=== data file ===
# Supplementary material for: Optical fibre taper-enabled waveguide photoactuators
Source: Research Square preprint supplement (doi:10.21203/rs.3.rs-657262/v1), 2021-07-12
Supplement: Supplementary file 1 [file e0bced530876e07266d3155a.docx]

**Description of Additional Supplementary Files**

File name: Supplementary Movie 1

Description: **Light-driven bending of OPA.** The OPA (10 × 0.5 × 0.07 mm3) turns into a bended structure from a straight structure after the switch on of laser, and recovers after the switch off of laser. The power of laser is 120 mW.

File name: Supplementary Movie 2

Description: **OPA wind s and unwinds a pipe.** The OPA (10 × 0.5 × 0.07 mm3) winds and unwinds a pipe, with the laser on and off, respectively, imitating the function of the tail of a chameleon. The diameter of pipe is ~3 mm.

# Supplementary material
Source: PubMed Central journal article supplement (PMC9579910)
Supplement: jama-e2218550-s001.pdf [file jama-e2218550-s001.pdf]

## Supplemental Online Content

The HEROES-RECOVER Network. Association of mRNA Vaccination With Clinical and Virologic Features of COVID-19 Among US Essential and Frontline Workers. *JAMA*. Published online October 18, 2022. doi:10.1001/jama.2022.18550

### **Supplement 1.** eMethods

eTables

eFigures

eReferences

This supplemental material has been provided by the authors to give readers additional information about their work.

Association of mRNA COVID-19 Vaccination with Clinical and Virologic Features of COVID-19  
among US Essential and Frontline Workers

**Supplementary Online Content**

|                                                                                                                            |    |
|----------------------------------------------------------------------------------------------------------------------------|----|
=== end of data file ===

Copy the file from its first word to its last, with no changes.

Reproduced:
# Supplementary material for: Optical fibre taper-enabled waveguide photoactuators
Source: Research Square preprint supplement (doi:10.21203/rs.3.rs-657262/v1), 2021-07-12
Supplement: Supplementary file 1 [file e0bced530876e07266d3155a.docx]

**Description of Additional Supplementary Files**

File name: Supplementary Movie 1

Description: **Light-driven bending of OPA.** The OPA (10 × 0.5 × 0.07 mm3) turns into a bended structure from a straight structure after the switch on of laser, and recovers after the switch off of laser. The power of laser is 120 mW.

File name: Supplementary Movie 2

Description: **OPA wind s and unwinds a pipe.** The OPA (10 × 0.5 × 0.07 mm3) winds and unwinds a pipe, with the laser on and off, respectively, imitating the function of the tail of a chameleon. The diameter of pipe is ~3 mm.

# Supplementary material
Source: PubMed Central journal article supplement (PMC9579910)
Supplement: jama-e2218550-s001.pdf [file jama-e2218550-s001.pdf]

## Supplemental Online Content

The HEROES-RECOVER Network. Association of mRNA Vaccination With Clinical and Virologic Features of COVID-19 Among US Essential and Frontline Workers. *JAMA*. Published online October 18, 2022. doi:10.1001/jama.2022.18550

### **Supplement 1.** eMethods

eTables

eFigures

eReferences

This supplemental material has been provided by the authors to give readers additional information about their work.

Association of mRNA COVID-19 Vaccination with Clinical and Virologic Features of COVID-19  
among US Essential and Frontline Workers

**Supplementary Online Content**

|                                                                                                                            |    |
|----------------------------------------------------------------------------------------------------------------------------|----|